Sir John Madejski

Fine art collector, philanthropist and benefactor.

Fine art collector, philanthropist and a benefactor to the royal academy of arts and the V&A museum. the John Madejski Fine Rooms at Burlington House were named after him in recognition of his contribution to the institution and the John Madejski Garden at the V&A was opened in 2005.

With swish cars, luxury hotels, art collection and a football club, Sir John Madejski may appear to be your run-of-the-mill multimillionaire. His wealth was built not on stocks or banking though, but magazines. He came up with the idea whilst reading one on holiday in Florida and decided to take the concept to the UK with The Thames Valley Trader. Eventually the idea was pared down to just selling cars and became Auto Trader, a brand that was soon franchised worldwide and allowed Madejski to found a publishing empire. Although the idea might appear deceptively simple, without Madejski’s drive, fueled he says by ‘a fear of failure’, and his personability, it could not have blossomed in the same way.

Indeed on meeting him it soon becomes obvious that this is not a man covered with ostentation -he does not speak in hyperbole – just someone happy with their success, and happy to re-invest that in the community. Amongst his charitable ventures is the Sir John Madejski Academy, which he rates as, ‘the best thing I have ever done’ as a result of the ‘sense of belonging’ it affords the students. He is concerned that the imagination of students has to be captured at a young age in order to ensure they live up to the potential that can so easily be lost.

His shrewd business sense is most evident with his investments in the art market, where even the most astute can be tripped-up by sudden changes of taste.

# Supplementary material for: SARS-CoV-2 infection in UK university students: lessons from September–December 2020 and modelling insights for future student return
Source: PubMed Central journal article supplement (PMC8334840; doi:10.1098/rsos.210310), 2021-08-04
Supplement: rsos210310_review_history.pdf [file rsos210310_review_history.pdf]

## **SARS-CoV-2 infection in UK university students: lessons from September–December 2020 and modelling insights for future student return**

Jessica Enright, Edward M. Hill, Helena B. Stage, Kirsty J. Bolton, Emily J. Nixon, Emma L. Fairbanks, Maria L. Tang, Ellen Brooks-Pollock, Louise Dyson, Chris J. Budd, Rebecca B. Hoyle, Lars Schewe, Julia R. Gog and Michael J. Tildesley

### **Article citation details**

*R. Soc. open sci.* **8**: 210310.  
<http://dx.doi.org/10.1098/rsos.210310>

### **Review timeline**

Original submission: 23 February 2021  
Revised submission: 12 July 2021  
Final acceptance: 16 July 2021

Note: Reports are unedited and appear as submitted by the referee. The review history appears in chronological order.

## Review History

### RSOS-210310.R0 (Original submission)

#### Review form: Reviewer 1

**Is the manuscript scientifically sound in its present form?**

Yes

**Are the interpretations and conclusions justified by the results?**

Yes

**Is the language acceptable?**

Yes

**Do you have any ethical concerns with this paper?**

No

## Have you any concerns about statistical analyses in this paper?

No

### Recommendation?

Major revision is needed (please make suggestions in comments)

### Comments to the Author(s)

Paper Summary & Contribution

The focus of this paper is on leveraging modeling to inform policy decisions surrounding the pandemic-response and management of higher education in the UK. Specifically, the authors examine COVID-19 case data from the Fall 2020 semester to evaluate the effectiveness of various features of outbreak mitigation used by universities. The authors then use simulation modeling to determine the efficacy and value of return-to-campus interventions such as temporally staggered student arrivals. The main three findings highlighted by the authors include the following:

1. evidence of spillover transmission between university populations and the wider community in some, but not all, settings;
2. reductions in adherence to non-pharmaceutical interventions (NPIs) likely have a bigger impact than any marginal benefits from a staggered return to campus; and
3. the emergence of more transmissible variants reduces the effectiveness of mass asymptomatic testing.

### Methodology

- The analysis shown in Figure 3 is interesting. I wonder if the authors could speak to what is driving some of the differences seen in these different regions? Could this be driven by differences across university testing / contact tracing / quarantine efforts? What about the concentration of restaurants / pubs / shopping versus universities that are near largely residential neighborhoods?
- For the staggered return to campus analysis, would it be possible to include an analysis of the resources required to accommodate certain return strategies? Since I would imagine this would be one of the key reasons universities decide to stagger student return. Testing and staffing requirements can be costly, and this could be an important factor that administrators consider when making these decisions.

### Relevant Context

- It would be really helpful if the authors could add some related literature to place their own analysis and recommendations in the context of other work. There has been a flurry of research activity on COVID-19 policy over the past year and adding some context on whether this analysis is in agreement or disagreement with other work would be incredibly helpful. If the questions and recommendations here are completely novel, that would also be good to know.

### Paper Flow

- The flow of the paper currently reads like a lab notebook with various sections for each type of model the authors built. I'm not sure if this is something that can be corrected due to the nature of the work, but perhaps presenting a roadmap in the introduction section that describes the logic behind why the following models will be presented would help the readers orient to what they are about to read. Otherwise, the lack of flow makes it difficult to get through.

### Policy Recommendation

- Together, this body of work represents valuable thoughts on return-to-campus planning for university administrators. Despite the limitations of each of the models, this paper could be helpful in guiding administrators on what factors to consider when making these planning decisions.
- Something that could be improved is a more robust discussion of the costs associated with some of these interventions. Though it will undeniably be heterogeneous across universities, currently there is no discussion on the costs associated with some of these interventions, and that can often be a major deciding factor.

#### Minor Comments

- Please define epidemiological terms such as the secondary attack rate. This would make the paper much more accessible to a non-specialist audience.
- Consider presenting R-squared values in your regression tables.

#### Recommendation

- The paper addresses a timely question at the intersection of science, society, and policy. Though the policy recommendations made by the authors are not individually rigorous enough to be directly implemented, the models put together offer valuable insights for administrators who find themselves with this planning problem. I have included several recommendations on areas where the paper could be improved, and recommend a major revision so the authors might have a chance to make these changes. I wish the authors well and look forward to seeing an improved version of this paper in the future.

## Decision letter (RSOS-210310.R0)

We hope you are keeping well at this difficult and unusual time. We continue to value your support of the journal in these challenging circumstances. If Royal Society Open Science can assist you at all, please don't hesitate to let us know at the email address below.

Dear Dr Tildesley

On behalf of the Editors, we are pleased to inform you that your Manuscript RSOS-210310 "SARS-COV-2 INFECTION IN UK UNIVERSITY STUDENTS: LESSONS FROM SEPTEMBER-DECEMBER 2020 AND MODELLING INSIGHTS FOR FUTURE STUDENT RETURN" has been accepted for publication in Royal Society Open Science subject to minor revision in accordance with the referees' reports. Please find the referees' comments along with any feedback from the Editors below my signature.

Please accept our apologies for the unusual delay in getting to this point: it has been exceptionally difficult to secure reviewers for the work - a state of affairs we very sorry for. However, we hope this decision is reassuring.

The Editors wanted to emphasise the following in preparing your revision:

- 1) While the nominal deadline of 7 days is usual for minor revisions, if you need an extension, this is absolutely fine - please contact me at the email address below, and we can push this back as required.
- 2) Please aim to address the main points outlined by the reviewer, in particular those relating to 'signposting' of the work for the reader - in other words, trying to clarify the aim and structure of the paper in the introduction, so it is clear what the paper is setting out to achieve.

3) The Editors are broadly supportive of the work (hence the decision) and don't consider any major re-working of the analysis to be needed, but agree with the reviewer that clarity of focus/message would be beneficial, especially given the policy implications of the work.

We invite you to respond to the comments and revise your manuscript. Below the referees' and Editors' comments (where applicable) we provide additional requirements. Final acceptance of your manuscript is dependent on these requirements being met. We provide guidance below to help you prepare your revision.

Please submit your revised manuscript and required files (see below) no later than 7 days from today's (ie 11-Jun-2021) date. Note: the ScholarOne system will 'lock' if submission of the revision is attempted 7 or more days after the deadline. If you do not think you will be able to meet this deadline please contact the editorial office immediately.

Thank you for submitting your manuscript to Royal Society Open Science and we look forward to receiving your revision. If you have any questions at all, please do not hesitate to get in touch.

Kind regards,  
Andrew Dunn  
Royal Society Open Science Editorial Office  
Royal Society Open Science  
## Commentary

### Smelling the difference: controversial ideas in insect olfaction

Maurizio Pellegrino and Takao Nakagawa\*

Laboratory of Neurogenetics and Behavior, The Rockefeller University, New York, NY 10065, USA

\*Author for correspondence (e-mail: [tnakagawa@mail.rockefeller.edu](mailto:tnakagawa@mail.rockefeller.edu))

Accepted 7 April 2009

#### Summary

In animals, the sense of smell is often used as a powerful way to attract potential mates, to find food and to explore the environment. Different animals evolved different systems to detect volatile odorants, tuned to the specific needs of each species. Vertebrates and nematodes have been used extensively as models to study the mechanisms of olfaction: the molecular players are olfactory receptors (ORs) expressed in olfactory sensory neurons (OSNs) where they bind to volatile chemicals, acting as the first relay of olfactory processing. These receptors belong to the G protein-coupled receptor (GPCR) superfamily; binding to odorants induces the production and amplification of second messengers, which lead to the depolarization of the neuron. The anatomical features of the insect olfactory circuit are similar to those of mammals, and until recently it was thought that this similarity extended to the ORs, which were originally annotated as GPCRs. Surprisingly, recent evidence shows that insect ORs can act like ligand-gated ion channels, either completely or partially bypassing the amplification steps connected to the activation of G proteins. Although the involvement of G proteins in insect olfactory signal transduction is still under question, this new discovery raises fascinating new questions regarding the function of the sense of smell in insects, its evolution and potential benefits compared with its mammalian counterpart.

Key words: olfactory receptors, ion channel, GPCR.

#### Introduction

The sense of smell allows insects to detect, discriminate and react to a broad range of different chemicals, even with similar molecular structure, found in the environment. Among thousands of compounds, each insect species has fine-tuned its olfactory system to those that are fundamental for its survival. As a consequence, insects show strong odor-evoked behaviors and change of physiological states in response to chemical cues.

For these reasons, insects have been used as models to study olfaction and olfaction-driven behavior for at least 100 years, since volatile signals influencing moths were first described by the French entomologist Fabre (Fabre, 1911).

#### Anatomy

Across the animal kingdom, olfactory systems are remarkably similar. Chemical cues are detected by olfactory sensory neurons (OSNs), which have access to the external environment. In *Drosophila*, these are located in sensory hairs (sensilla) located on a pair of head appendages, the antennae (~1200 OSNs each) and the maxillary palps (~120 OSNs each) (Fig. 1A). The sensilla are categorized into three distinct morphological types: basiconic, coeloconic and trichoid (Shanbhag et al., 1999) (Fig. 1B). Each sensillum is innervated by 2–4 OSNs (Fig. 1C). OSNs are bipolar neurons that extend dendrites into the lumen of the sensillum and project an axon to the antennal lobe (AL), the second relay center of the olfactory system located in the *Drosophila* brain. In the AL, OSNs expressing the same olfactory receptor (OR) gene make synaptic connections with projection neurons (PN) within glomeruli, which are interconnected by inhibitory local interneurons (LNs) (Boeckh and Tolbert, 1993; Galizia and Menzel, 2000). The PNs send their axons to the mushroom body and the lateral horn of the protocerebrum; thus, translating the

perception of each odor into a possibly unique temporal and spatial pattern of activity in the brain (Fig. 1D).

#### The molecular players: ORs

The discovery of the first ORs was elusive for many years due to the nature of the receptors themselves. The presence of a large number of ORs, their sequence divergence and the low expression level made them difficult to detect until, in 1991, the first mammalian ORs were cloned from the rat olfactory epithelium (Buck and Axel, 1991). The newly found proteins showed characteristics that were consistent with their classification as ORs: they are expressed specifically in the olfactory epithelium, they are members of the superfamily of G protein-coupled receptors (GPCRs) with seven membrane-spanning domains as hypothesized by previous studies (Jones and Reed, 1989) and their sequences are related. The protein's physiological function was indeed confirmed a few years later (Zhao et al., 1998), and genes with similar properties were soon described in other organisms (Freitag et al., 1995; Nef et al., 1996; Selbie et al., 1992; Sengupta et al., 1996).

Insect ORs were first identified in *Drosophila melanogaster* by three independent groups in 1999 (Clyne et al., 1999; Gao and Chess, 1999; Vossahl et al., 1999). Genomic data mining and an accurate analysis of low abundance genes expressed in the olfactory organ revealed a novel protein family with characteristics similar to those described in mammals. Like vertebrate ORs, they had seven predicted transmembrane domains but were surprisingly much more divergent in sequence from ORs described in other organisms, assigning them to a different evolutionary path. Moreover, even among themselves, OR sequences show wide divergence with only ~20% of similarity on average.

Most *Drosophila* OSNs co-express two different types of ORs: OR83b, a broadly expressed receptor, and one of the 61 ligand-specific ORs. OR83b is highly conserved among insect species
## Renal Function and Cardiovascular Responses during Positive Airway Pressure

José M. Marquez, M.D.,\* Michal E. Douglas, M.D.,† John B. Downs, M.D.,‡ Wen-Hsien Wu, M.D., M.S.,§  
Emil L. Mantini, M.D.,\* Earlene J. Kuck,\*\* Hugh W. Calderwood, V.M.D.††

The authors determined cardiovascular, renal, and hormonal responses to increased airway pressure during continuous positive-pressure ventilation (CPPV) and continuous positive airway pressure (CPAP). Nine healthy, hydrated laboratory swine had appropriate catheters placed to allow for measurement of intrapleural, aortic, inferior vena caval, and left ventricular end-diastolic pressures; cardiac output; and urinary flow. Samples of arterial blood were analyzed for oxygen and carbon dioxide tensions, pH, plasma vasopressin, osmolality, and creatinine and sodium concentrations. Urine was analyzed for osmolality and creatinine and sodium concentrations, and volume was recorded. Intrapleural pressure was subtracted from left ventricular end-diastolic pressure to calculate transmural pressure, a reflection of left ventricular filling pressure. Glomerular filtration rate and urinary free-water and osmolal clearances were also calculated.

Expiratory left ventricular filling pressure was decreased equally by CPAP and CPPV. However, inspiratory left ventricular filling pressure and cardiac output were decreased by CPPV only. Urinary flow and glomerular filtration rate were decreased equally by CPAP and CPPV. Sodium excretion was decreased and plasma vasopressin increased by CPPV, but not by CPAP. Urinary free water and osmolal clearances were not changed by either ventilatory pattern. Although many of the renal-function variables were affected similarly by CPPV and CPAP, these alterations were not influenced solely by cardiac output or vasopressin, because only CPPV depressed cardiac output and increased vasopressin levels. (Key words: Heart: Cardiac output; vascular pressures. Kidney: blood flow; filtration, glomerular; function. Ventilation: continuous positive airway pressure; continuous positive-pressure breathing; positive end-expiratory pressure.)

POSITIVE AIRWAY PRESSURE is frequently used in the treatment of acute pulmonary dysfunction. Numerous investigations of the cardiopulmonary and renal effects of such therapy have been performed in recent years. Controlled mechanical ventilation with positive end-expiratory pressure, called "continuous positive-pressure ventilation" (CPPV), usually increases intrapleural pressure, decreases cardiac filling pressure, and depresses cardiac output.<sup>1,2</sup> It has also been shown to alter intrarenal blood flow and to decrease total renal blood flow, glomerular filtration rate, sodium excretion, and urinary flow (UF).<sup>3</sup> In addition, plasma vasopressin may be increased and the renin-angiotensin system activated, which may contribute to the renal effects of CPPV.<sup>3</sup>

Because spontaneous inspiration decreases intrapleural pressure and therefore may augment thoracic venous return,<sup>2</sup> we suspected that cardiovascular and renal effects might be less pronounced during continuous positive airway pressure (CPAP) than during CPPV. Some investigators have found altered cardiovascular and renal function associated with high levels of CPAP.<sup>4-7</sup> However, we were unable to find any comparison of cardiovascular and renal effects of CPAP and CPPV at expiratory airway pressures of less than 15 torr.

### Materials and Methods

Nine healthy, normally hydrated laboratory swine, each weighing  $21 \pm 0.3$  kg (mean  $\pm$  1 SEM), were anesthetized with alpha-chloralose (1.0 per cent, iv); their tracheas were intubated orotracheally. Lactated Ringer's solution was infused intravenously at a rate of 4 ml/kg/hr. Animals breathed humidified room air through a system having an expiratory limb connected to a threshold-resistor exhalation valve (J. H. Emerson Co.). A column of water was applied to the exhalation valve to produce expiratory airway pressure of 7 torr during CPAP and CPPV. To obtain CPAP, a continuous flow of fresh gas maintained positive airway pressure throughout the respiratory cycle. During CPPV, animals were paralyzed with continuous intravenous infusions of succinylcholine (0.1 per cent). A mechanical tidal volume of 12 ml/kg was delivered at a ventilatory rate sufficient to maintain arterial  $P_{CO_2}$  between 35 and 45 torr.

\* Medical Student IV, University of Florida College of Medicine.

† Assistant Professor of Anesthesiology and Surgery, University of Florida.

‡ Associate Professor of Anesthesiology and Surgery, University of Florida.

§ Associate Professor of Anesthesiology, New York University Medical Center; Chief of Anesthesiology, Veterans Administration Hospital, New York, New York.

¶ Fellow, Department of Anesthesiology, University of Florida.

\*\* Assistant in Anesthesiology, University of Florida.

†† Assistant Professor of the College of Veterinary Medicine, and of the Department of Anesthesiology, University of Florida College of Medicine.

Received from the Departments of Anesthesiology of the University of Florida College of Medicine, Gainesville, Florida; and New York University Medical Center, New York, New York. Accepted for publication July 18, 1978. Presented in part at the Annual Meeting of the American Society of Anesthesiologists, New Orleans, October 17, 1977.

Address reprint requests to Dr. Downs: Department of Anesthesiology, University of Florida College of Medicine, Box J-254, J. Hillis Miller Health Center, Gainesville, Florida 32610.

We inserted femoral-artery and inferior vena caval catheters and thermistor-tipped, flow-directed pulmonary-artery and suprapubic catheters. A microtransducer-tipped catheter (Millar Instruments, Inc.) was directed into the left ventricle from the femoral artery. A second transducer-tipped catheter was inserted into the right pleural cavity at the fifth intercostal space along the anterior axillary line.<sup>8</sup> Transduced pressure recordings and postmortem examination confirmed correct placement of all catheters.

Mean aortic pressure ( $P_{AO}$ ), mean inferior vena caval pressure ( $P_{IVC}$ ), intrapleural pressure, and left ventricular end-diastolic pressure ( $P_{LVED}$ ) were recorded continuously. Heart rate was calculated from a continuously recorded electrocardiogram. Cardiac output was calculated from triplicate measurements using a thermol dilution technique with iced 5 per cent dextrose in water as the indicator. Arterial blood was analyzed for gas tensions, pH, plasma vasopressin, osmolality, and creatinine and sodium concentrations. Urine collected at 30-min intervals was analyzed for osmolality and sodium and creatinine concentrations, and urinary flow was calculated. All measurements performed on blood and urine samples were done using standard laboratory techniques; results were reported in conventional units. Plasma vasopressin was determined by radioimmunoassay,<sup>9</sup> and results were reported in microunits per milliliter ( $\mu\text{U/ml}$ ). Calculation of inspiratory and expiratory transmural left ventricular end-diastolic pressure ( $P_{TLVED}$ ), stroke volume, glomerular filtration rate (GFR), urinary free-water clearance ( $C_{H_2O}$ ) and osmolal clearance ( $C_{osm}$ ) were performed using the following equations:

Madejski, for instance, recently sold a degas sculpture, ‘Le Petit danseuse’ for £11.8 million, having bought it for only £5.6m. Perhaps it is his classical preferences that help in this regard. He finds much modern art to be irretrievably abstract, gallery goers spending more time reading the explanatory text and ‘pretending to understand it’ than focusing on the works themselves. He is not impressed by the trend in much modern art to deliberately shock as this ‘stretches the boundaries of reasonability and taste.’ This isn’t to say that he has an innate prejudice against modern art; he just prefers art where the skill of the artist is evident, and on this condition is a fan of Dali.

Overall he views art as a very subjective experience, and therefore his desire to have as much art on show to the viewing public is evident. He paid for the restoration of the John Madejski fine rooms at The Royal Academy of Arts in London, which houses portraits of early academicians, and sponsors galleries in Reading and at The Royal Palm Hotel in the Galapagos Islands, and well as paying for the renovation of the garden at The Victoria and Albert Museum. He says ‘it is sad when art sits in vaults’ and doesn’t agree with quality art being boarded away in private collections (Madejski had his degas sculpture on permanent exhibition in The Royal Academy). However he is mindful that even the majority of works held by most large galleries are rarely on display and laments that, ‘a huge amount of art is never viewed by anyone.’ Perhaps if more private art collectors were as mindful as Madejski to the public importance of their collections this situation could be reversed.